If the world feels a little back to front, it’s because it quite literally is when it comes to fashion. Earlier this week, the Duchess of Cambridge visited the the Henry Fawcett Children’s Centre in London wearing a lilac Gucci blouse backwards. According to product descriptions on Net-a-Porter and Nordstrom, the top’s small fabric-covered buttons were intended to be fastened at the back. But while the duchess kept the pussy-bow tie at the front of the silk-crepe shirt, she flipped the button fastenings to the front, too, prompting speculation that she got dressed in the dark.
It seems unlikely. Kate has been on fashion roll – see the caped cornflower-blue Mulberry coat she wore in Belfast and the pink Gucci gown she chose for a women in finance dinner. Grazia magazine described her “new” style as more experimental.
“People use fashion and clothing as a way of communication,” says Jekaterina Rogaten, the course leader in applied psychology in fashion at the London College of Fashion. “Intentionally wearing clothes the wrong way around can be seen as a form of separating oneself from the group of people who follow rules and conventions.”
Back-to-front styling is a slow-burn trend, but the duchess is far from the first to embrace it. Two decades ago, Celine Dion split opinion by wearing her white tuxedo backwards on the Oscars red carpet. When people made fun of Taylor Swift for wearing her top the wrong way round in 2014, she opted to own the apparent mishap, turning a back-to-front top into merchandise for her Reputation album. And when last year’s I’m A Celebrity contestant Anne Hegerty wore her standard-issue T-shirt, bearing her name and vote-line number, backwards during a bushtucker trial, Twitter hailed her an overnight fashion icon.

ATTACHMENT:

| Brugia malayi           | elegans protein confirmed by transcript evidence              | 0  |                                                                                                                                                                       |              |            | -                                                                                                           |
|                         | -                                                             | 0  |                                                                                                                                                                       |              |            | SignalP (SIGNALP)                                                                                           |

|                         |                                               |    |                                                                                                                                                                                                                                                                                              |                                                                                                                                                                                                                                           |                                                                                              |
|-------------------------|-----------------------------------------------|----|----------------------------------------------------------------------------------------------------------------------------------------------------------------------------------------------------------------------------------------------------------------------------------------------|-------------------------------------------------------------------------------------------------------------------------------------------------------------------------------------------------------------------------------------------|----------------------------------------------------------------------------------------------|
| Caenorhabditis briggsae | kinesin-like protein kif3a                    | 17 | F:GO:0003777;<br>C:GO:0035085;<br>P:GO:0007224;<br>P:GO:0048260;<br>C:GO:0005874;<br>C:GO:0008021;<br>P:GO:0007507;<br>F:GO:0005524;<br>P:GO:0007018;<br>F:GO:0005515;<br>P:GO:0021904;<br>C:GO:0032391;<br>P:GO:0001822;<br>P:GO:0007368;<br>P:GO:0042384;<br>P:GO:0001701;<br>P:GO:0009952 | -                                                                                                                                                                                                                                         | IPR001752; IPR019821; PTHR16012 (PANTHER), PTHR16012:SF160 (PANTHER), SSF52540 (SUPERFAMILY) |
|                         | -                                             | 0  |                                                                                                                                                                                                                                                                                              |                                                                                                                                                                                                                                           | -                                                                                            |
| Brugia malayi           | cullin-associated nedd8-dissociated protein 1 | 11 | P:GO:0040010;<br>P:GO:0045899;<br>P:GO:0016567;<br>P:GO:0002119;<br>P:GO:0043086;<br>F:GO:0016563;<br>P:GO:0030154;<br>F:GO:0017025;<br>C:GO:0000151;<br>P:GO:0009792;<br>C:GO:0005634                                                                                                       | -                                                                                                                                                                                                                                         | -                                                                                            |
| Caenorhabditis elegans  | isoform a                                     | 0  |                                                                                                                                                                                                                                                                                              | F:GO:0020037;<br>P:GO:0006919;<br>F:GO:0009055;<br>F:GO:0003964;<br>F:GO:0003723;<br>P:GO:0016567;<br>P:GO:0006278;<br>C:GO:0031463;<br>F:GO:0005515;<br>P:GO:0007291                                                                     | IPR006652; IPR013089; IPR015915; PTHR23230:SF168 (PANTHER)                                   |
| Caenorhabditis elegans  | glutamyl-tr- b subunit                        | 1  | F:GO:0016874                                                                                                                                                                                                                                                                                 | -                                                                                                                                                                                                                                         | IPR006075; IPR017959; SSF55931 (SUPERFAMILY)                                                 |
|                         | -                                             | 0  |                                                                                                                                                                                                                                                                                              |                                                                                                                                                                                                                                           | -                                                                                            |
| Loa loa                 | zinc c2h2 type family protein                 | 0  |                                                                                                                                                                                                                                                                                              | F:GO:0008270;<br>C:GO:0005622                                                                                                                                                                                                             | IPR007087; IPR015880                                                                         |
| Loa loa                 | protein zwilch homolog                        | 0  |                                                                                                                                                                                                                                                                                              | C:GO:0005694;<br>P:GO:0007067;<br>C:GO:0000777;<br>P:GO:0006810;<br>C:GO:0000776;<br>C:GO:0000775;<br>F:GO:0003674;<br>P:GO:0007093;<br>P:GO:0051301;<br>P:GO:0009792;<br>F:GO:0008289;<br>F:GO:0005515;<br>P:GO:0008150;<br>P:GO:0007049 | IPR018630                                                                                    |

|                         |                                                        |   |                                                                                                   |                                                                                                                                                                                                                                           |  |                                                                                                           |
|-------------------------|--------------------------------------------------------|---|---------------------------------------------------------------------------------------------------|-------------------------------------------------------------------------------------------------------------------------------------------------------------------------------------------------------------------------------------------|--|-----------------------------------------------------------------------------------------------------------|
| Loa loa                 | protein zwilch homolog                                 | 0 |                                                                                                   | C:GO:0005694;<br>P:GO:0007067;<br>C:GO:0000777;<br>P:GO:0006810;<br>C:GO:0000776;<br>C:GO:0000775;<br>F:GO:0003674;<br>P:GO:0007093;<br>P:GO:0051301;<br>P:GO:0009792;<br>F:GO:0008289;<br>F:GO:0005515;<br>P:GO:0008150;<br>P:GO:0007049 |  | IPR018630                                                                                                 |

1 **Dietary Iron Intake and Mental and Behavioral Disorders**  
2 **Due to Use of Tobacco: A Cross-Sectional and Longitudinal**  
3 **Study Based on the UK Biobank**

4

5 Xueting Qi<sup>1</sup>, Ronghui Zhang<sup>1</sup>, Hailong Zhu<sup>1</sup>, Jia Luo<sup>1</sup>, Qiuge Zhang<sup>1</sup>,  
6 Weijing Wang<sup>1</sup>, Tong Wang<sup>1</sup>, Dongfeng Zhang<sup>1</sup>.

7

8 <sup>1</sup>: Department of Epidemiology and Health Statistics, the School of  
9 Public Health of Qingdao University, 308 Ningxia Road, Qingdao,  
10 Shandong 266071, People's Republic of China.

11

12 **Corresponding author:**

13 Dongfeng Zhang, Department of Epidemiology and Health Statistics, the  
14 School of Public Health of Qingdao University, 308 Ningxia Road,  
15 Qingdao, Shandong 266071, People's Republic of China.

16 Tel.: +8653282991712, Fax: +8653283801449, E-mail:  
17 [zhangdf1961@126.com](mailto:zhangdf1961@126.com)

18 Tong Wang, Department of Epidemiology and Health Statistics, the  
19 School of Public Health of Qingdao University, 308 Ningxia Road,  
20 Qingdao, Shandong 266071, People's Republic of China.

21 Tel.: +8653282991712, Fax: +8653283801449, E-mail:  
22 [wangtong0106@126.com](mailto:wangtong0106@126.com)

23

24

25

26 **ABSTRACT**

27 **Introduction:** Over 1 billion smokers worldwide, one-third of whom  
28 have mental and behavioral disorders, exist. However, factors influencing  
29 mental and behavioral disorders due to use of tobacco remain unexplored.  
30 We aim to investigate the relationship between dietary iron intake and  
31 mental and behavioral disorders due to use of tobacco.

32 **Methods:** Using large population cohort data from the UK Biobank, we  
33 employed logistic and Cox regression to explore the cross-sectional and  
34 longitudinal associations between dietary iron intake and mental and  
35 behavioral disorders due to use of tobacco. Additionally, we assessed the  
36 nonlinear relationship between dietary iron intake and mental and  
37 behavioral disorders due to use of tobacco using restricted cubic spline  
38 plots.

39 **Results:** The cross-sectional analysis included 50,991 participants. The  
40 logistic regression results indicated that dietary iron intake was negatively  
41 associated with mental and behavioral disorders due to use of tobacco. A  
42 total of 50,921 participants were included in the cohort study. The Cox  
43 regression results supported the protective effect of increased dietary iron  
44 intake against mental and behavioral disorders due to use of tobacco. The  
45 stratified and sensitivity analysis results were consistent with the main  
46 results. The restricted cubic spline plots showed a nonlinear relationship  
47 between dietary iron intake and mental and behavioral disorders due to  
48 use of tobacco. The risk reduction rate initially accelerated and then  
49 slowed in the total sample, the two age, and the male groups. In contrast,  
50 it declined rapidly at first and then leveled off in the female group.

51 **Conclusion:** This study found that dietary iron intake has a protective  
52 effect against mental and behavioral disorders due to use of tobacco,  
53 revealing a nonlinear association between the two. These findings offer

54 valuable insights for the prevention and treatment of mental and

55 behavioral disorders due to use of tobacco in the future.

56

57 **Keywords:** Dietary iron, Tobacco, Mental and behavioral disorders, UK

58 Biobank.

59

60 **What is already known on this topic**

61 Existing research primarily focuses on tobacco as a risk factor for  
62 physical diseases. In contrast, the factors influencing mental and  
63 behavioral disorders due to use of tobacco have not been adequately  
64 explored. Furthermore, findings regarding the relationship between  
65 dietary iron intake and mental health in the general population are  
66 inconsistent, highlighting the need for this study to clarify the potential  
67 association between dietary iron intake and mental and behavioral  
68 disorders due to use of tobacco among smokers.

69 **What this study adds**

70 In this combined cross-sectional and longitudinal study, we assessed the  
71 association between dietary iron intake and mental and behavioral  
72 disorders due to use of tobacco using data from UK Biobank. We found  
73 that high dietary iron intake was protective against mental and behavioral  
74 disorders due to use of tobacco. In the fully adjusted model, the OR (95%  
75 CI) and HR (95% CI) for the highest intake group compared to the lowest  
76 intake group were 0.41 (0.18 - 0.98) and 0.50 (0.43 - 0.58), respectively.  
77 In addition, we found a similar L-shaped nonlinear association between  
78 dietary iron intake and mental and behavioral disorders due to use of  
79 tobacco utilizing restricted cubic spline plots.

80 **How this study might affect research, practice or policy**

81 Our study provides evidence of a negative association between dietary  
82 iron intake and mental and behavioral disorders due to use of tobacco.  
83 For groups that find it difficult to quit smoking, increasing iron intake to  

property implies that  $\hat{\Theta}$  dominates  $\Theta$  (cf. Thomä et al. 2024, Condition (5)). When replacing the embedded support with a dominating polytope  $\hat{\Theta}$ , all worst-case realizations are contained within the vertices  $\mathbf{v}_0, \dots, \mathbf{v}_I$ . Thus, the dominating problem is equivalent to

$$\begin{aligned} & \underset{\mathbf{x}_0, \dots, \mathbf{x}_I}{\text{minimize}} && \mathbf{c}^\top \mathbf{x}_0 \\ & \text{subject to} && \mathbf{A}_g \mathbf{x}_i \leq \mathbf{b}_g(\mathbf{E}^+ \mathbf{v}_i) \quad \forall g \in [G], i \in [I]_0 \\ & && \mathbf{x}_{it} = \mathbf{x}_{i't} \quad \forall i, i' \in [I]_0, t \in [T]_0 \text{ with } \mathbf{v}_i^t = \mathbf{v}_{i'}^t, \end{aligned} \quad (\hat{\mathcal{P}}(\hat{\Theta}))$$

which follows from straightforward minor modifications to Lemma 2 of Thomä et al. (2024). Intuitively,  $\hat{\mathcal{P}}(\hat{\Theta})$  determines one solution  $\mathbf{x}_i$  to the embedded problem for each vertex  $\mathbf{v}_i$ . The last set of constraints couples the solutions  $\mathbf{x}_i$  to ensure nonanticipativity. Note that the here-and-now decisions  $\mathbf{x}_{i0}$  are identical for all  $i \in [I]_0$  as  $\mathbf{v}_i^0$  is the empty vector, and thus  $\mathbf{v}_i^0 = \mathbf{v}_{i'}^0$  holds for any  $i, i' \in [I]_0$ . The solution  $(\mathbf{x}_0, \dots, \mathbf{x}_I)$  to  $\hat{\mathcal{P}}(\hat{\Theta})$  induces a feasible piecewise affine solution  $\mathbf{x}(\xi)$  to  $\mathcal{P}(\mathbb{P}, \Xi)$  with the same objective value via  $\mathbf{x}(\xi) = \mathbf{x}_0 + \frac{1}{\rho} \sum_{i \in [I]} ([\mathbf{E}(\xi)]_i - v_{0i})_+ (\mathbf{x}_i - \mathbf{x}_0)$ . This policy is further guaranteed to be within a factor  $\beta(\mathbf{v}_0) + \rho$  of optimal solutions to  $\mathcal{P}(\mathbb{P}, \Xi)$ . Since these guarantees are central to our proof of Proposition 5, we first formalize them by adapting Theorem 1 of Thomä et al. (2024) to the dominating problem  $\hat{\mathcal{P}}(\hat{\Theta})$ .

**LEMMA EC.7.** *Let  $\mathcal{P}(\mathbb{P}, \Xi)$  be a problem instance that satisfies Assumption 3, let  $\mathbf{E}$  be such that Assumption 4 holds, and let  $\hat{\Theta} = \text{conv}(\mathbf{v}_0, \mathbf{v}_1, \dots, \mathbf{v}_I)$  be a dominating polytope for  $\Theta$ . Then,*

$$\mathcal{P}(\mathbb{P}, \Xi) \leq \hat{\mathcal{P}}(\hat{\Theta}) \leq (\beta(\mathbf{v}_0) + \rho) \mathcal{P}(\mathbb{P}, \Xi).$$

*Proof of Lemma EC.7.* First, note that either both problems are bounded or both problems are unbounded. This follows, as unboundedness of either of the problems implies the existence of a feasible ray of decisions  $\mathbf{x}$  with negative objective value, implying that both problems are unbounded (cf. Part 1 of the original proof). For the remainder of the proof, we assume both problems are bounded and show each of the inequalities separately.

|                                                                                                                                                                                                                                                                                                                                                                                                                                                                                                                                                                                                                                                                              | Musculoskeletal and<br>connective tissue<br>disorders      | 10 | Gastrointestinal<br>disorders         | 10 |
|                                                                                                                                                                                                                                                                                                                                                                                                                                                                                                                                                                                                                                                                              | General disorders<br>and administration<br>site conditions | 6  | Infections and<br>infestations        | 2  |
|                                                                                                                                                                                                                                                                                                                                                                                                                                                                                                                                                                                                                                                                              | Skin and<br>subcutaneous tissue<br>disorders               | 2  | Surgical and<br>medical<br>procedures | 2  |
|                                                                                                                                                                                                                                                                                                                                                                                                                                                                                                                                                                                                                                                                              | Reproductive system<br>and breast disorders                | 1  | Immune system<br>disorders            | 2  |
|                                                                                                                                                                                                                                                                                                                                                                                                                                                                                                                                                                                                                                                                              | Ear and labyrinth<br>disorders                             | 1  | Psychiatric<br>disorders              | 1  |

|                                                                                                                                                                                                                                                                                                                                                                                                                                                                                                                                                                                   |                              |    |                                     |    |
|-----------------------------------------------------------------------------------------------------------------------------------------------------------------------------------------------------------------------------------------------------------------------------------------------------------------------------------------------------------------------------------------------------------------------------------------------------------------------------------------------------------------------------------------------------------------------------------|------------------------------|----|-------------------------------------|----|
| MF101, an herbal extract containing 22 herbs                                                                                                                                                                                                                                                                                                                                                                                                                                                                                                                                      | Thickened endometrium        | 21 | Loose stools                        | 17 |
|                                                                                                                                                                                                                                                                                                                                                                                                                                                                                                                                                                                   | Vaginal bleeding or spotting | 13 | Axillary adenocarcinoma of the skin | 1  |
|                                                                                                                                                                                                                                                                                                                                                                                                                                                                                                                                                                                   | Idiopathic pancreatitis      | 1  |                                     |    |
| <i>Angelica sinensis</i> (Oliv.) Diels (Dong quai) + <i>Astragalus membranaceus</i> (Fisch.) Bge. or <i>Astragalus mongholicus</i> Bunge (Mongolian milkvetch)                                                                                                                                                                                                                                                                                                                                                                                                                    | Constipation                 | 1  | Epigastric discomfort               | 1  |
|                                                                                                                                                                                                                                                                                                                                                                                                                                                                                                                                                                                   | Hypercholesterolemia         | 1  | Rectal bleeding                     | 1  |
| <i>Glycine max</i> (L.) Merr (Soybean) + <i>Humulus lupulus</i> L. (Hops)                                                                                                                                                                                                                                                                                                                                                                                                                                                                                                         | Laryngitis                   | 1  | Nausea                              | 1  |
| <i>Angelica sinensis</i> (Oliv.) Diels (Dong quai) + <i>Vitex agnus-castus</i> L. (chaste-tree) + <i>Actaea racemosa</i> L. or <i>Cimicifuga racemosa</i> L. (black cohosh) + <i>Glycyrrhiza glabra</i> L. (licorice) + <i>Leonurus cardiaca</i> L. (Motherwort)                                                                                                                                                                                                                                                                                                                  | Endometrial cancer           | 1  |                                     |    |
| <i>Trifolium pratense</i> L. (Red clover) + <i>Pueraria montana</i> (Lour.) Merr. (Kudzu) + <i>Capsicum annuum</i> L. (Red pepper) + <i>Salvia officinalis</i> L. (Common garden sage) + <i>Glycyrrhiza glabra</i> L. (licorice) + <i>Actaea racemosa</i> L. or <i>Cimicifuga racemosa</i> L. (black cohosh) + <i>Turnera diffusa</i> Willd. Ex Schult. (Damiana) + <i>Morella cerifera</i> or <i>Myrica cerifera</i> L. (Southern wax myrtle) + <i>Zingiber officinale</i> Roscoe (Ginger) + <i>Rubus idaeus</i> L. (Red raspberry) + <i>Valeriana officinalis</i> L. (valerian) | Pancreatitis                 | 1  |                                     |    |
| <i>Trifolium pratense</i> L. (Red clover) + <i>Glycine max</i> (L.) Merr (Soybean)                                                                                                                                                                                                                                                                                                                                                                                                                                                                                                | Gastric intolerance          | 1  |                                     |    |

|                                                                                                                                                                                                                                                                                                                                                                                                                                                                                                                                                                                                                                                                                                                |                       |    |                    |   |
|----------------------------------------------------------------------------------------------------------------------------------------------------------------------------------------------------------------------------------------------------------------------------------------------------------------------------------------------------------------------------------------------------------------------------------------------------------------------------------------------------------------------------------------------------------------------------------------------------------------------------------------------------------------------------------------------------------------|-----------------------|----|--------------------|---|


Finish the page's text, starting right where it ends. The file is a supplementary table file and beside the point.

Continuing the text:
On the catwalk, there have been examples of back-to-front looks, including trousers with rear-style pockets and seams transferred to the front of the hips, as seen as as part of AWAKE Mode’s AW19 collection. Sweaters with front-facing hoods featured as part of Jeremy Scott’s SS18 creations.
But this is a world away from the back-to-front dressing that took over Instagram in 2015, when bloggers and influencers transformed shirts, in particular, by placing high, starched collars to the front to create a partially unbuttoned, low back. The DIY styling was perhaps the ultimate sign of fashion confidence, almost daring onlookers to point out the obvious: you’re wearing that the wrong way round.
Kate’s look had some backing. “I believe that [Kate] and her stylist would have thought that it looked better the other way around – and I am in agreement with them,” says the stylist Alexandria Reid, whose clients include Idris Elba, Tom Hardy and Justin Bieber.
Was Kate taking a leaf out of the Queen’s style rulebook and (allegedly) sending a message via her clothes? Or was her backwards top simply a symbol of her newfound fashion nous? One thing’s for sure: if it was an accident, it was certainly a happy one.
guardian.co.uk © Guardian News & Media Limited 2010